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Token 1.14: What is Synthetic Data and How to Work with it?

Will it eliminate the need for real data? Let's explore

According to Gartner's prediction, by 2030, machine learning (ML) models are anticipated to use synthetic data exclusively, eliminating the need for real data. The synthetic data market is on a robust growth trajectory, as evidenced by Cognilytica's forecast. They project the market to expand from $110 million in 2021 to an impressive $1.15 billion by 2027.

What is Synthetic Data and how to work with it? What makes Synthetic Data so in demand?

In this Token, we will answer these questions and explore the following:

  • The origins of synthetic data

  • Why you might need it?

  • How to generate synthetic data?

  • Considerations in creating a realistic synthetic dataset

  • Techniques for evaluating synthetic data quality

  • Use cases

  • Can I switch to synthetic data completely?

  • Conclusion

  • Bonus: A few companies that generate synthetic data

The origins

You might have heard of the Caesar Cipher – a cryptographic technique used by Julius Caesar. It's one of the earliest and simplest methods for encrypting messages, ensuring that only authorized parties can decode them. Similarly, synthetic data was originally used for a related purpose: to conceal personally identifiable information (PII) within datasets. As the name suggests, synthetic data is artificially generated to mimic real-world data. It's created using algorithms, simulations, or predefined rules. Its main purpose is to protect privacy and confidentiality. Today, synthetic data is primarily used in:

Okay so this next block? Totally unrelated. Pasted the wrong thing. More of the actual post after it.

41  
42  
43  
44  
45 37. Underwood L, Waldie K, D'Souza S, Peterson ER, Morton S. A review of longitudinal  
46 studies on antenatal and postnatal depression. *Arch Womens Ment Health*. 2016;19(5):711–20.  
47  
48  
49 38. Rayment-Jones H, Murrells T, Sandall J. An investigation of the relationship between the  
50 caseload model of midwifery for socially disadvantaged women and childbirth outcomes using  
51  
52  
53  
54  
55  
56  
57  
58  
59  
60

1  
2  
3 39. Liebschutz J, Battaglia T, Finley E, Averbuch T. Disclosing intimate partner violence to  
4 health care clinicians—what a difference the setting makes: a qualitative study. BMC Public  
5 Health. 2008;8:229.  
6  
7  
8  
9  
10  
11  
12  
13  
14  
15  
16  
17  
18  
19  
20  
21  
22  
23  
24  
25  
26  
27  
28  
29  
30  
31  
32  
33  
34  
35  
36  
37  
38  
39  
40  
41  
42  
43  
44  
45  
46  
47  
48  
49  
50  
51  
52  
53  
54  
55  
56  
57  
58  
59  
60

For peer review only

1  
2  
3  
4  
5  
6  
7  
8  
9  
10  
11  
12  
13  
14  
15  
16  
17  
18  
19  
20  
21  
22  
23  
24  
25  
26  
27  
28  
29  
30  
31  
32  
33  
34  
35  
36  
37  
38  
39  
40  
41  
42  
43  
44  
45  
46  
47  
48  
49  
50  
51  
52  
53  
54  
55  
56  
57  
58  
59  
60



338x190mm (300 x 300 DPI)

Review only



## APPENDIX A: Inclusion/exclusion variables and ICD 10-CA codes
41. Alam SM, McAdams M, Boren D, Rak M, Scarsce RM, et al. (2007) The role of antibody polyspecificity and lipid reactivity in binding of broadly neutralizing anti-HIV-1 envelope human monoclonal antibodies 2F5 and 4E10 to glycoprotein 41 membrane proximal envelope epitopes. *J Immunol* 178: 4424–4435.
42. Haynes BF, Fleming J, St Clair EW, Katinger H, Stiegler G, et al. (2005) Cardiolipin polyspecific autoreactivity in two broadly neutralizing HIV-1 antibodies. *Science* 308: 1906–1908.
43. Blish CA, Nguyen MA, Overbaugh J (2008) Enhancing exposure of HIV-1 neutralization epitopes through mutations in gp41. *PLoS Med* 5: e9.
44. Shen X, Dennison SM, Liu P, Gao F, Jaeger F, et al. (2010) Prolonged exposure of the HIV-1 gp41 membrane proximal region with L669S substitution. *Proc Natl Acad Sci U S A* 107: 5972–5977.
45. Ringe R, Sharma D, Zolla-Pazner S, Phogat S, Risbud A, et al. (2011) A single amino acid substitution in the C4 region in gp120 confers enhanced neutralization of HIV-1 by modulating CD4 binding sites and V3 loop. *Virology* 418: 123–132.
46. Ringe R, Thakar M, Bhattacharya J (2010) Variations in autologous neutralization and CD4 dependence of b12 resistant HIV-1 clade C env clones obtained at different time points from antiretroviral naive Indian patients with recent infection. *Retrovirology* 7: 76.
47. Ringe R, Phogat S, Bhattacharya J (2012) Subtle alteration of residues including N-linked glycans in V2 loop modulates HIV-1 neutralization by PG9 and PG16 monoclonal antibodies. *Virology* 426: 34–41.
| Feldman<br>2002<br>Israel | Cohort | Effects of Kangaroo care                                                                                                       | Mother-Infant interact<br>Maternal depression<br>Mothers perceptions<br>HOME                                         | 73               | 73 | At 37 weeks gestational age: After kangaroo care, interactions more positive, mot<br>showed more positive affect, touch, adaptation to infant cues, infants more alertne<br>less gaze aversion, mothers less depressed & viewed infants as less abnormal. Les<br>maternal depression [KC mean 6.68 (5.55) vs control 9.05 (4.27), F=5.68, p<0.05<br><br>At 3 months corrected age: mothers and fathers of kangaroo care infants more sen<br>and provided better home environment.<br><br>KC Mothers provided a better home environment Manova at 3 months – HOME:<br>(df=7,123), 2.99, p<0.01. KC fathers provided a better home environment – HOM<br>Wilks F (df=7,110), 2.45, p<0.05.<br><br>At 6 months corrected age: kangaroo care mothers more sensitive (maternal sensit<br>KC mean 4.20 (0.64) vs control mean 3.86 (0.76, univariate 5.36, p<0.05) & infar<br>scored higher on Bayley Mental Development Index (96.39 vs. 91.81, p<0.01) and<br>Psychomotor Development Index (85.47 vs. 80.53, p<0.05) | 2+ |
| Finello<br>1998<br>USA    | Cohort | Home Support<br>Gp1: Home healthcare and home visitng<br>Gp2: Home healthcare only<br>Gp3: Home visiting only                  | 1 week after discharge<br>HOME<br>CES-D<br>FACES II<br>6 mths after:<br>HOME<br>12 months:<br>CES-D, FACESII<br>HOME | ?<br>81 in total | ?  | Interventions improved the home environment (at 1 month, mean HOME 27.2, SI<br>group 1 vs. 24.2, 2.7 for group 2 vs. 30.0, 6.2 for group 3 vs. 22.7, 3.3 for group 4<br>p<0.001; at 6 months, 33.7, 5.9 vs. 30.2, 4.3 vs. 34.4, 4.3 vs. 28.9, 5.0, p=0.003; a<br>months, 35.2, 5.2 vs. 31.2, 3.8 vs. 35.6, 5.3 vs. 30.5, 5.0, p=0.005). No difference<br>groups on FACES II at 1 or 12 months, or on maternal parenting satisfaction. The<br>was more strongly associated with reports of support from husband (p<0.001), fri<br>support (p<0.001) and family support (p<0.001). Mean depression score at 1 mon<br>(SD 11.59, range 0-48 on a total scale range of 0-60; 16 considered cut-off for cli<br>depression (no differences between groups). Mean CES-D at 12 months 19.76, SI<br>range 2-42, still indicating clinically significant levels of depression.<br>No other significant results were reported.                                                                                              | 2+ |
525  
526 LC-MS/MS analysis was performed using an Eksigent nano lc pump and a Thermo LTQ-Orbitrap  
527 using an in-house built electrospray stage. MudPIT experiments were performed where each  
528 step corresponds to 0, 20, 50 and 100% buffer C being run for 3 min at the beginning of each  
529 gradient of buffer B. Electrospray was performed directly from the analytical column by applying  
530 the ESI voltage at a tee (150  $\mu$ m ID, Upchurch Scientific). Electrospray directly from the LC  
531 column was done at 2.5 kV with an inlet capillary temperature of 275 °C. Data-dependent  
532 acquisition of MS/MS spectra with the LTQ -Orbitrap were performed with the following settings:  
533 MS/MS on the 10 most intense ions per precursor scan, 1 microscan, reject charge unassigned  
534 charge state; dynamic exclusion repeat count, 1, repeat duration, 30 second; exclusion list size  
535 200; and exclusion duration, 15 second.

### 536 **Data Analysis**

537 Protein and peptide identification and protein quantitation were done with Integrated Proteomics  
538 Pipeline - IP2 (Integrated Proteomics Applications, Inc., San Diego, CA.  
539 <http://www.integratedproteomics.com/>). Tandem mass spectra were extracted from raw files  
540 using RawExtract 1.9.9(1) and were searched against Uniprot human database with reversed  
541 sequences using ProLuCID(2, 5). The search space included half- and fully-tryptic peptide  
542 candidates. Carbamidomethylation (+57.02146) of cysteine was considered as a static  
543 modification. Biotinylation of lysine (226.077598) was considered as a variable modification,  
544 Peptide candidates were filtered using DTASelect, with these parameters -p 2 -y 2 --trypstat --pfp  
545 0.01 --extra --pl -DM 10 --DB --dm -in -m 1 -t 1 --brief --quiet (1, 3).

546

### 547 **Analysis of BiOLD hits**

• research

  • training machine learning algorithms

  • data analysis

  • testing software products

Why you might need synthetic data?

The growing popularity of foundation models (FMs) and specifically large language models (LLMs), has exacerbated the demand for synthetic data. As we covered in the previous Token, these ginormous models are data-hungry and hence, require a huge volume of data for training. At some point, there might not be enough real data to satisfy their appetite.

Other reasons in favor of using synthetic data for FMs and regular ML models:

  • Bias: Datasets in ML are seldom balanced or unbiased. For instance, if you are running an online survey for users in a remote part of South Asian countries, most of the respondents will likely be male. If you use the same dataset for training, your model will be biased. In such cases, synthetic data could help generate responses for minority classes resulting in a balanced dataset which will likely reduce bias.

  • Cost and Time: Imagine owning a bank and needing to test the functionality for registering new users. To test it with real users, you would have to wait days or even months to acquire 1,000 new customers. However, using synthetic data could allow you to conclude the test within hours or a few days.

  • Testing and Validation: In developing ML models, especially FMs, it's crucial to test them under various scenarios, many of which might be rare or difficult to capture in real-world data. Synthetic data can be tailored to simulate these rare conditions, allowing for thorough testing and validation of the models.

  • Innovation and Experimentation: Synthetic data allows for greater flexibility in model development. Researchers can create data with specific attributes or conditions that may not be readily available in real datasets, thus pushing the boundaries of what's possible in ML research and application.

  • Regulations and Privacy: Government regulations dictate that in sensitive sectors, such as medicine and healthcare, providers must keep information private. Hence, before using the data for research, it is important to mask any pieces of data that could potentially link to specific individuals.

Now that we know about the benefits of synthetic data, let’s talk about how we can generate it.

How to generate synthetic data?

Actually, there are a lot of ways you can generate synthetic data. The underlying task will dictate the method. Here are some commonly used ways:

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Previously in the FM/LLM series:

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